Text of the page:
QUESTION: I want to get married, but my boyfriend says we need to live together to see if it’s going to work out. He says all our friends do it, and I guess he’s right, but I’m not sure I want to go down this road. What is your advice? — K. McG.In my opinion, what your friends are doing doesn't really matter. But with that said, I agree with K's boyfriend. Marrying someone is a big decision, so isn't it a great idea to make sure you really know that person and are truly compatible before deciding to spend the rest of your like with that person?
I didn't move in with my wife, but I did stay with her on the weekends when we were dating. By spending so much time with her, I was able to get to know her incredibly well. This knowledge made it clear that we were very compatible, and that living together post-marriage wouldn't be a problem. And more importantly, it underscored that marriage was a good idea, and not something that would immediately blow up in our face.
ANSWER: It may be popular with some of your friends, but for both practical and spiritual reasons I strongly urge you not to go down the road your boyfriend is urging you to take.For terrible religious reasons no doubt...
On a practical level, the problem with simply living together is that there’s no real commitment, either to each other or to marriage. What’s to keep your boyfriend from deciding he doesn’t want to be tied down, and suddenly casting you aside? Or what’s to keep you from leaving after a minor disagreement (as happens in almost any relationship)? The answer is simple: precisely nothing.What world is Billy From? Moving in together is a big step in a relationship. It is a step people take after they have already been dating for a while. How is there no commitment? It is usually the last step prior to a proposal, so by time a couple lives together, they are pretty damn committed to one another. And what of Billy's scenarios? They are also silly because they can happen if you without moving in together too. Couples can split ways, have a relationship with another, or fight whether they are living together or not.
But here's the point Billy doesn't seem to realize. Even if this does happen, it was a good thing. Isn't it better to find out that you can't live with someone before you get married rather than after? Billy often speaks ill of divorce, so he should be in favor of moving in together since it can actually help avoid divorce. But perhaps that's too much logic for him to comprehend...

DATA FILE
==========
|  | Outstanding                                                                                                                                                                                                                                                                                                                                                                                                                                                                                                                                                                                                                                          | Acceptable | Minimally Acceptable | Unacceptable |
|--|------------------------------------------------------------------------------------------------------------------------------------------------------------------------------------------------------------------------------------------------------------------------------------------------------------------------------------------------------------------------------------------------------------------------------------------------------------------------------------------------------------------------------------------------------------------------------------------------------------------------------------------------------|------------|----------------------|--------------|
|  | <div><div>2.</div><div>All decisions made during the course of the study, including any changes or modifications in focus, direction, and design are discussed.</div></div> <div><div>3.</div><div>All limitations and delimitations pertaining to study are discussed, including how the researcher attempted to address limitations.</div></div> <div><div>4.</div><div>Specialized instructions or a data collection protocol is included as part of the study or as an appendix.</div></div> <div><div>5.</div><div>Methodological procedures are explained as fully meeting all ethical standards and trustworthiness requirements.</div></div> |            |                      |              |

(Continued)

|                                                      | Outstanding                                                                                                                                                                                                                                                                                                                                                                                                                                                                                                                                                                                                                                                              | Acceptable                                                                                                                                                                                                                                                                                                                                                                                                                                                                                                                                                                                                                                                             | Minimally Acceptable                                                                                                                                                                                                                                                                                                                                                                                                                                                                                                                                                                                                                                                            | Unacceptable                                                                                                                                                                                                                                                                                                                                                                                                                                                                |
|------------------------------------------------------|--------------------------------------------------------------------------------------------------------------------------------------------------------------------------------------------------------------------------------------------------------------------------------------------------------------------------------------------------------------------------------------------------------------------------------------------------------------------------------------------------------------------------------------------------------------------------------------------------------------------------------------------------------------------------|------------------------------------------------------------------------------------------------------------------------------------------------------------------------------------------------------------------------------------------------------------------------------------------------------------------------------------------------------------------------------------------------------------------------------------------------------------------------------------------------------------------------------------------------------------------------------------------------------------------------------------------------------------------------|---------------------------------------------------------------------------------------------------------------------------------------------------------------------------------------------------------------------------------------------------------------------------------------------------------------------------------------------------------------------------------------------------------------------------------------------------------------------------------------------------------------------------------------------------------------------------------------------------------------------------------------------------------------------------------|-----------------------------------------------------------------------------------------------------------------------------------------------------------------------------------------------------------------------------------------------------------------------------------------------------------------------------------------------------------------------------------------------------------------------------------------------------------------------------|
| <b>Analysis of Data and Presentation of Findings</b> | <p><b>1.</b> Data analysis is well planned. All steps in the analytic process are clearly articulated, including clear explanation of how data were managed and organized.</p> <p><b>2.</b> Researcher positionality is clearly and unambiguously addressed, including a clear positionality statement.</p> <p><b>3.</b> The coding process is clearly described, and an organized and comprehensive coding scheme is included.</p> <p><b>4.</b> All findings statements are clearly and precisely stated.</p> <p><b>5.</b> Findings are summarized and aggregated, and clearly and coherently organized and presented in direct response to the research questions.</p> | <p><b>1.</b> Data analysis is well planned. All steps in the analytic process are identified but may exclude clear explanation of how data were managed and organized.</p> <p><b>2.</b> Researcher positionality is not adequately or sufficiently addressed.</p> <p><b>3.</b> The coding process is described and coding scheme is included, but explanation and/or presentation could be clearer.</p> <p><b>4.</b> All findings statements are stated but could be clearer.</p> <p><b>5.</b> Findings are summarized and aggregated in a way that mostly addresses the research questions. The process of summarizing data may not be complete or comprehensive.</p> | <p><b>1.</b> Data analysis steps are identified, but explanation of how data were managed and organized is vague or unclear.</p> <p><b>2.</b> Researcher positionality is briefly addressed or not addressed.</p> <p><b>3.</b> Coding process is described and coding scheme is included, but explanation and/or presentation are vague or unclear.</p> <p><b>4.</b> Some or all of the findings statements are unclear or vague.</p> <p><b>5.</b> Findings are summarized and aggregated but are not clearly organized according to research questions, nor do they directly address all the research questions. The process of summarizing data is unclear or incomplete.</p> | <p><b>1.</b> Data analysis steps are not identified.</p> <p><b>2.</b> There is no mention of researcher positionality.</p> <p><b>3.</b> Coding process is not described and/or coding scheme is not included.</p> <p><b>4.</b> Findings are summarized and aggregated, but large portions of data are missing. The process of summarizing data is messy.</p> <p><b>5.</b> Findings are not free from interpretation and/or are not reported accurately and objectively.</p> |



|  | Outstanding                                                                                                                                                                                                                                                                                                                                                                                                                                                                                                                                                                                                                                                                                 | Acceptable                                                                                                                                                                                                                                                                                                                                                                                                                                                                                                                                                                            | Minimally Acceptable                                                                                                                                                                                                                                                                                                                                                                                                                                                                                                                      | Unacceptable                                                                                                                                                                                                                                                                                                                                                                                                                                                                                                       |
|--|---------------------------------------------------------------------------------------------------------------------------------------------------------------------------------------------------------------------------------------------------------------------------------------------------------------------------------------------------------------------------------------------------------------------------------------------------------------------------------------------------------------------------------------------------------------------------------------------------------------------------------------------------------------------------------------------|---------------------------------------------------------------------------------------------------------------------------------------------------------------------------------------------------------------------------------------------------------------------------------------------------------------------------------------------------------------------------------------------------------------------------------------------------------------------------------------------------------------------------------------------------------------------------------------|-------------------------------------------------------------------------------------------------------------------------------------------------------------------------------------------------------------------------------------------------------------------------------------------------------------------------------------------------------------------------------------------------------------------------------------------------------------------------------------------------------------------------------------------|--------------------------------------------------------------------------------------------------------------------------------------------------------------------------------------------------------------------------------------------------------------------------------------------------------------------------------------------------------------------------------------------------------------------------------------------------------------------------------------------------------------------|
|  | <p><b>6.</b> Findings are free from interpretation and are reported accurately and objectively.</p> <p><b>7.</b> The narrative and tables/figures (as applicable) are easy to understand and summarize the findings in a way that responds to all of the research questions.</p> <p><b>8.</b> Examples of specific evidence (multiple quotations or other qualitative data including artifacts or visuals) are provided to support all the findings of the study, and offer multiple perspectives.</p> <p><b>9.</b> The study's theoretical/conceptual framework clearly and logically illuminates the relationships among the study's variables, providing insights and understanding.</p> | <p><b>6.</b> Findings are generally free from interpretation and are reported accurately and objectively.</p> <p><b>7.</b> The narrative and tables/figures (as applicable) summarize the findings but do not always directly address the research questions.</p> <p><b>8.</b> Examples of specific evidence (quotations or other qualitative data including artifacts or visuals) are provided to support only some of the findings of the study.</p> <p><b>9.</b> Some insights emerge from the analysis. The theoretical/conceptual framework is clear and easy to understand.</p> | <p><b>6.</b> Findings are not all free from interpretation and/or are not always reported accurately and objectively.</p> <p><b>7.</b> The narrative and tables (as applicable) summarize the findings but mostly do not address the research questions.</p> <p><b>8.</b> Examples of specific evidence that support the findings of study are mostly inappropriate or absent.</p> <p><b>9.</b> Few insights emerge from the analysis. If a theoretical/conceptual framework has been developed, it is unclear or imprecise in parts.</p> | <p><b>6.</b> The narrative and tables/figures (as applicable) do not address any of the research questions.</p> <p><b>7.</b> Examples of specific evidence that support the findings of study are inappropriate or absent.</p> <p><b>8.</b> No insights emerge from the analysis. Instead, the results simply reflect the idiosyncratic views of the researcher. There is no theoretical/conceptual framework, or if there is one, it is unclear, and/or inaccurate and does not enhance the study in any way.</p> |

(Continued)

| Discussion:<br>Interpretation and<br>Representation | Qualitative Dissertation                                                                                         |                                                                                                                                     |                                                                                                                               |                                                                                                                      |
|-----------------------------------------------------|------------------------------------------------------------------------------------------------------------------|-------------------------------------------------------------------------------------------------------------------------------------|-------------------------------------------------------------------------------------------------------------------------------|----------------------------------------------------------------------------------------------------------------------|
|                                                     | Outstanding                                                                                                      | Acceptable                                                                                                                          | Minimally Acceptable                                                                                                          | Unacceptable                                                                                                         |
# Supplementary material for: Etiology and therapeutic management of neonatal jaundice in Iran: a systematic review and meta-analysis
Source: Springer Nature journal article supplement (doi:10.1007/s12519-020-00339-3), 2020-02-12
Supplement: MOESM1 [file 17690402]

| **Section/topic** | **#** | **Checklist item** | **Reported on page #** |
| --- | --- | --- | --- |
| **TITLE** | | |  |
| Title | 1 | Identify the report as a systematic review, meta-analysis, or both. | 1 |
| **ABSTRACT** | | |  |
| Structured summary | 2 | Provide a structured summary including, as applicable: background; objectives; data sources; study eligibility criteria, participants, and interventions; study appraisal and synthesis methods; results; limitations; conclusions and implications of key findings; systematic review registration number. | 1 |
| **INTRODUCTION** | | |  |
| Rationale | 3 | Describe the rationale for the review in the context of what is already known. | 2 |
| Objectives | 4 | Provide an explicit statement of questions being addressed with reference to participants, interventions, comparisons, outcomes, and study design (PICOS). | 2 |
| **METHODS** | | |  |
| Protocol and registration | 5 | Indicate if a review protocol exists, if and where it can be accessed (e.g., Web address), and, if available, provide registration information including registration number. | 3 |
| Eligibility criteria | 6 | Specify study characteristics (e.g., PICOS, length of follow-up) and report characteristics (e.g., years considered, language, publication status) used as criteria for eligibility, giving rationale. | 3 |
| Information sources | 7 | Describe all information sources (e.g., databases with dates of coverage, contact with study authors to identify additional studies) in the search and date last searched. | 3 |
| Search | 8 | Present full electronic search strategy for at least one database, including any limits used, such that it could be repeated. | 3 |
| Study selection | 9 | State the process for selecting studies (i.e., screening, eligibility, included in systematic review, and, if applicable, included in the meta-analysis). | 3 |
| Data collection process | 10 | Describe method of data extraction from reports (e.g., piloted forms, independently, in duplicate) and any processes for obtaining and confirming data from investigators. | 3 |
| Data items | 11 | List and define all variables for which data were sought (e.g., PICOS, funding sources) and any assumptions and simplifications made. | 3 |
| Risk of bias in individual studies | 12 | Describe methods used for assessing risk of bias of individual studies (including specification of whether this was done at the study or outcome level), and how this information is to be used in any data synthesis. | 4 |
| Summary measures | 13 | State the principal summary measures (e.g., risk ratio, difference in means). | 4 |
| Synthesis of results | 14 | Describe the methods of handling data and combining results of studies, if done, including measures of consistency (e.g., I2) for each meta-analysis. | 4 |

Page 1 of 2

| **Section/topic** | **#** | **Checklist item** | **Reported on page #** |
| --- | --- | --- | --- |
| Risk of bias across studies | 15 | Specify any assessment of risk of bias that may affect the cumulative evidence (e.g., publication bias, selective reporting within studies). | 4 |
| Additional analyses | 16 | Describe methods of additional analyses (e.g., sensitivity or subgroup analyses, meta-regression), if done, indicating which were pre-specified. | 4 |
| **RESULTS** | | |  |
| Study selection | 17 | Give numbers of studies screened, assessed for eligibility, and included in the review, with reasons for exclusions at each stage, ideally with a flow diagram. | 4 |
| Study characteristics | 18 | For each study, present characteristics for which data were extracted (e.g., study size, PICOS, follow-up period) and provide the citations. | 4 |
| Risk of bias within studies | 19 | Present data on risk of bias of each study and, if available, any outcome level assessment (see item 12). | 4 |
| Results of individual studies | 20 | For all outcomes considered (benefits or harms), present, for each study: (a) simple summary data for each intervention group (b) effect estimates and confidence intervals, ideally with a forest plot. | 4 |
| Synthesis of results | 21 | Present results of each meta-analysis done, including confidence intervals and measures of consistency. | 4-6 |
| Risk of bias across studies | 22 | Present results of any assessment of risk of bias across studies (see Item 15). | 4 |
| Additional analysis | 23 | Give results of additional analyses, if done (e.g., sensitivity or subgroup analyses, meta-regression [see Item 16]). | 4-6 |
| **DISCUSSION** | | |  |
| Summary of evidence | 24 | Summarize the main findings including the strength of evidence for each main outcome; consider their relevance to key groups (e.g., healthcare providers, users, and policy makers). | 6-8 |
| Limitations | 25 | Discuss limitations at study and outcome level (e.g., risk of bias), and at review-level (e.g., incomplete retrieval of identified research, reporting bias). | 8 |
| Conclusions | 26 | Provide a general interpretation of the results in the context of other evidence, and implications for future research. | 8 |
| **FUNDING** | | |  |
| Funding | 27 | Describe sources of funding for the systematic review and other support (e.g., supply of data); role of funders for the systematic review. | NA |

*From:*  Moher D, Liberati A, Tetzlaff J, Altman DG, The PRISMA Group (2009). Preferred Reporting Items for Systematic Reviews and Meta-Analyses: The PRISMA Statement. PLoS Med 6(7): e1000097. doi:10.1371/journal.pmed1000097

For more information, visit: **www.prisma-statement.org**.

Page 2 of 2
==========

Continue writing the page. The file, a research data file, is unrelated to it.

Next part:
But I also hope you’ll avoid this for spiritual reasons. God gave marriage to us for our happiness and mutual help, and in His eyes it’s a solemn commitment to be faithful to each other, no matter what happens.No, for the one-thousandth time,God didn't give us marriage. Marriage far predates Christianity, and may even predate religion of any type. And if it's supposed to be such a solemn commitment, why does God allow divorce if the man finds his wife displeasing?
This is why the Bible commands us to avoid sexual relations outside of marriage.Here's the thing though... It doesn't. Well, if you are a man that is. The Bible only commands sexual 'purity' from women. But that's partially because a virgin is worth more than a non virgin daughter. Dad has to make money off this after all. But do men have to practice sexual purity? A reading of the Bible doesn't place males with the same requirement. Heck, a man can rape an unwed woman and his only punishment is to pay her father and marry her. The Bible does talk about about the vague subject of fleeing 'sexual immorality'. But that could include any number of things.
Only then can true love flourish, and only then will your relationship grow stronger over the years.But love can flourish by saving sex until after marriage and finding out that you aren't compatible at all?
At the moment, your boyfriend’s suggestion may be very tempting, but it’s filled with uncertainty and great risk, as many have discovered, to their sorrow.How the hell is wanting to move in together a decision filled with uncertainty? It's a choice one makes when they are sure they want to take the relationship to the next logical step. Yes, there is risk, but so is marriage. But what will create more sorrow... Moving in together and having it not work out, or getting married and having it not work out? I think that the answer to that one should be rather obvious.
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